The VCs and Zuck’s employees got paid today. But not by me.
Here’s one skeptical take.
The Facebook IPO has priced at $38, at the high end of its revised range, representing a market cap of $108.6B, assuming exercise of vested options.
The price is about 26 times trailing revenues and 104 times earnings, which discounts 66.2% compound annual growth over the next 10 years. In comparison, Google grew at a 42.4% CAGR in the 8 years after it hit the $4B revenue milestone.
As consumer Internet use shifts decisively toward mobile platforms, Facebook’s ability to monetize their position is constrained by the control that Apple and Google have over 3rd party Apps.
GM’s repudiation of its Facebook ads is also troubling, calling into question the efficacy of ads, even on the browser platform.
Here’s some general detail:
“I think that the market was not there for this many shares,” said Michael Pachter of Wedbush Securities. “They priced it right if the goal was for the stock to trade flat [um… so they priced it properly? -DW], but it appears that the addition of 50 million shares on Wednesday night caused a supply/demand imbalance, and the market appetite wasn’t sufficient to support the stock above issue price.”
Some analysts believe the offering was priced too high, maximizing the return for the company itself, but not leaving sufficient room for an upside in trading — or that first-day pop that many Internet debuts have experienced.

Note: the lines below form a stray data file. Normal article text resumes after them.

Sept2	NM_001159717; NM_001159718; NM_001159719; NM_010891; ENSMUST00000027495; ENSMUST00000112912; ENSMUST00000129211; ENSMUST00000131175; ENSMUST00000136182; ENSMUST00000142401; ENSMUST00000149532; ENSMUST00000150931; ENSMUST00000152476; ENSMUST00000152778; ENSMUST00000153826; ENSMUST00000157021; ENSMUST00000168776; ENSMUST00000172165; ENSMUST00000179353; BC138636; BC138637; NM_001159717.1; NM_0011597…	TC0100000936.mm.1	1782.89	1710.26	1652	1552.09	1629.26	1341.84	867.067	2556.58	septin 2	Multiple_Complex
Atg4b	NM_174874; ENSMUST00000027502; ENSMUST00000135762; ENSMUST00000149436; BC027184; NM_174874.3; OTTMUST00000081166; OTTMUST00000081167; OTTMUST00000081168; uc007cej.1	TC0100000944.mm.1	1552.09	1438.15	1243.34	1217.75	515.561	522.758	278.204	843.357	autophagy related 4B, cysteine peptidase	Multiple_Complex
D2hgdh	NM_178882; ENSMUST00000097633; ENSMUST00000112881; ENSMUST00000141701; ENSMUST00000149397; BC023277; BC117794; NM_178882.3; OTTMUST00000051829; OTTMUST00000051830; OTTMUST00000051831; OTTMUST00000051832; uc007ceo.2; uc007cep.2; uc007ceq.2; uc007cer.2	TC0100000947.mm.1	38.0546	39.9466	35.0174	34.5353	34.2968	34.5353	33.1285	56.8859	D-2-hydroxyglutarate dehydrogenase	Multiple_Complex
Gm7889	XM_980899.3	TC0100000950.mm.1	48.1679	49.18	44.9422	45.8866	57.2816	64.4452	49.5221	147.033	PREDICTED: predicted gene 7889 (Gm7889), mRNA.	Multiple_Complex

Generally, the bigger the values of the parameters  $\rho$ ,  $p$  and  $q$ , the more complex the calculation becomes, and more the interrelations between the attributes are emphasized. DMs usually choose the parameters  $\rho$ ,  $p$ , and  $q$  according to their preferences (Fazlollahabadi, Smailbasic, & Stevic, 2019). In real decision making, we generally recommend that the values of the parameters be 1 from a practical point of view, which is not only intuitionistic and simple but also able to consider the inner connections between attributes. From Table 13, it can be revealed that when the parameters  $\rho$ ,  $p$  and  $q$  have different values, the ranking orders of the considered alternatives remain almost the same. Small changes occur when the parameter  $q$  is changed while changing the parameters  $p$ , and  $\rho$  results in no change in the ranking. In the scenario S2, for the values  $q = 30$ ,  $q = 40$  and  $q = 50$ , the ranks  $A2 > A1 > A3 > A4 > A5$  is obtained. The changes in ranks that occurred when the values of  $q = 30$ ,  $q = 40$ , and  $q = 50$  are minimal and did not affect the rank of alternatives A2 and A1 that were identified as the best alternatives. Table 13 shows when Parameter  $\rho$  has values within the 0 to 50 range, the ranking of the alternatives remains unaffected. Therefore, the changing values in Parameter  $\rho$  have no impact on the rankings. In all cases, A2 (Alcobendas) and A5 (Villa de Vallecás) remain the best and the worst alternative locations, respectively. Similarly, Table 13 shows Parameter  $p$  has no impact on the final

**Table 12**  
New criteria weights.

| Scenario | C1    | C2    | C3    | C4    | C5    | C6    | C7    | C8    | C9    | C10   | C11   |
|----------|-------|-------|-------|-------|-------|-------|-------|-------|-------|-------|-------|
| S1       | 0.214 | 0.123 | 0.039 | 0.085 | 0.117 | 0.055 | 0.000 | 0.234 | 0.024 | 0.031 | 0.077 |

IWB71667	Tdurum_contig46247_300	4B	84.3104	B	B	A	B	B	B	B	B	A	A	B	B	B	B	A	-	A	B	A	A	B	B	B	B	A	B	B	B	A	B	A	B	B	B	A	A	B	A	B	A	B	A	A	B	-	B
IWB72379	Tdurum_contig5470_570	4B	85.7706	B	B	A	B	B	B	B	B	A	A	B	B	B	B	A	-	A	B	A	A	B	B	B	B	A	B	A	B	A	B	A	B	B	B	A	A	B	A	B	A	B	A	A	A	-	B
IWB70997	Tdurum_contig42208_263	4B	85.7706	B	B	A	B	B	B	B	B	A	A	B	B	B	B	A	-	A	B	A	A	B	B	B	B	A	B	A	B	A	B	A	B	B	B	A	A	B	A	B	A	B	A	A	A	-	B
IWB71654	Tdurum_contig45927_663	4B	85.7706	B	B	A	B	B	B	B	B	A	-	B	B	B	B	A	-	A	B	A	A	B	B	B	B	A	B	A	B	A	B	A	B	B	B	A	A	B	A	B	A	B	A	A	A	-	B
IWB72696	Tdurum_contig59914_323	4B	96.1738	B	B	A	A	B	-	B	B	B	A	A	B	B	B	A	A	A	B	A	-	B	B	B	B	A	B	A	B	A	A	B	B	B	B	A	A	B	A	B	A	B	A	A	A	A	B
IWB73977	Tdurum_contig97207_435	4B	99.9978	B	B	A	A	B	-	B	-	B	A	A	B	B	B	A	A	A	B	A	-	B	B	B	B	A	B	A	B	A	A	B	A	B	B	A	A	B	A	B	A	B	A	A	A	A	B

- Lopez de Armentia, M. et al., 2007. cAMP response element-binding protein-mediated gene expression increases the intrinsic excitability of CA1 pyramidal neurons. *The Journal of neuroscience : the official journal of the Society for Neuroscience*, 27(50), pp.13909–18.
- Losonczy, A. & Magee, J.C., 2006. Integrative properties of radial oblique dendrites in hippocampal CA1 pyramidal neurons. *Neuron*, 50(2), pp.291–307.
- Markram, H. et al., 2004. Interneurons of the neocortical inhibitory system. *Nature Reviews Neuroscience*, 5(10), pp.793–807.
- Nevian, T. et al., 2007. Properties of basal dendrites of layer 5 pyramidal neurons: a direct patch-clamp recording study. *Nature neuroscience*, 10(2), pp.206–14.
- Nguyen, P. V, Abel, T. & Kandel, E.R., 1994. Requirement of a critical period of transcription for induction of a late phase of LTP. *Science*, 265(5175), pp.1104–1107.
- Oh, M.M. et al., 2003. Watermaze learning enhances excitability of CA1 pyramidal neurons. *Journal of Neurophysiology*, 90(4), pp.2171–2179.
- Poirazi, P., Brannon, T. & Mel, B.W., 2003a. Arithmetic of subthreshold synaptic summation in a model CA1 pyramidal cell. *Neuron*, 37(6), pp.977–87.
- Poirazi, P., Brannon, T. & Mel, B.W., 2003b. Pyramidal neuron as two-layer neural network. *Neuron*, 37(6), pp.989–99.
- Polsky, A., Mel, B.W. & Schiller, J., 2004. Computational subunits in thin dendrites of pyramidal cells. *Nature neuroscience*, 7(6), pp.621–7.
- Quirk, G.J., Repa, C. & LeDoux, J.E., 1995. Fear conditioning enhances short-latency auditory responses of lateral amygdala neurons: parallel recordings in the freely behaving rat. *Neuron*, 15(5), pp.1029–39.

If my company IPO’d with a first day pop I’d be spitting nails furious. Not today, and good. So what happens when there isn’t a pop? Well, it might mean you priced it correctly. It might also mean you priced it too high and the Investment Banks mask the error by aggressively making a market to support the flippers (via).
“Stabilization is the bidding for and purchase of securities by an underwriter immediately after an offering for the purpose of preventing or retarding a fall in price. Stabilization is price manipulation, but regulators allow it within strict limits – notably that stabilization may not occur above the offer price. For legislators and market authorities, a false market is a price worth paying for an orderly market.
They’re buying up those shares to save face. The beneficiaries? The lieutenants who got paid:
Multi-million dollar mansions and $100,000 Porsches are flying off local shelves in the Palo Alto, Santa Clara and Menlo Park areas of California. And the charge of luxury living is being led by a group of young entrepreneurs and techies as well as investors and venture capitalists that have scored famously from Facebook’s Nasdaq debut.
More Angel investors, more startups to come.
Addendum: holy cow, the WSJ has an awesome graphic of who sold: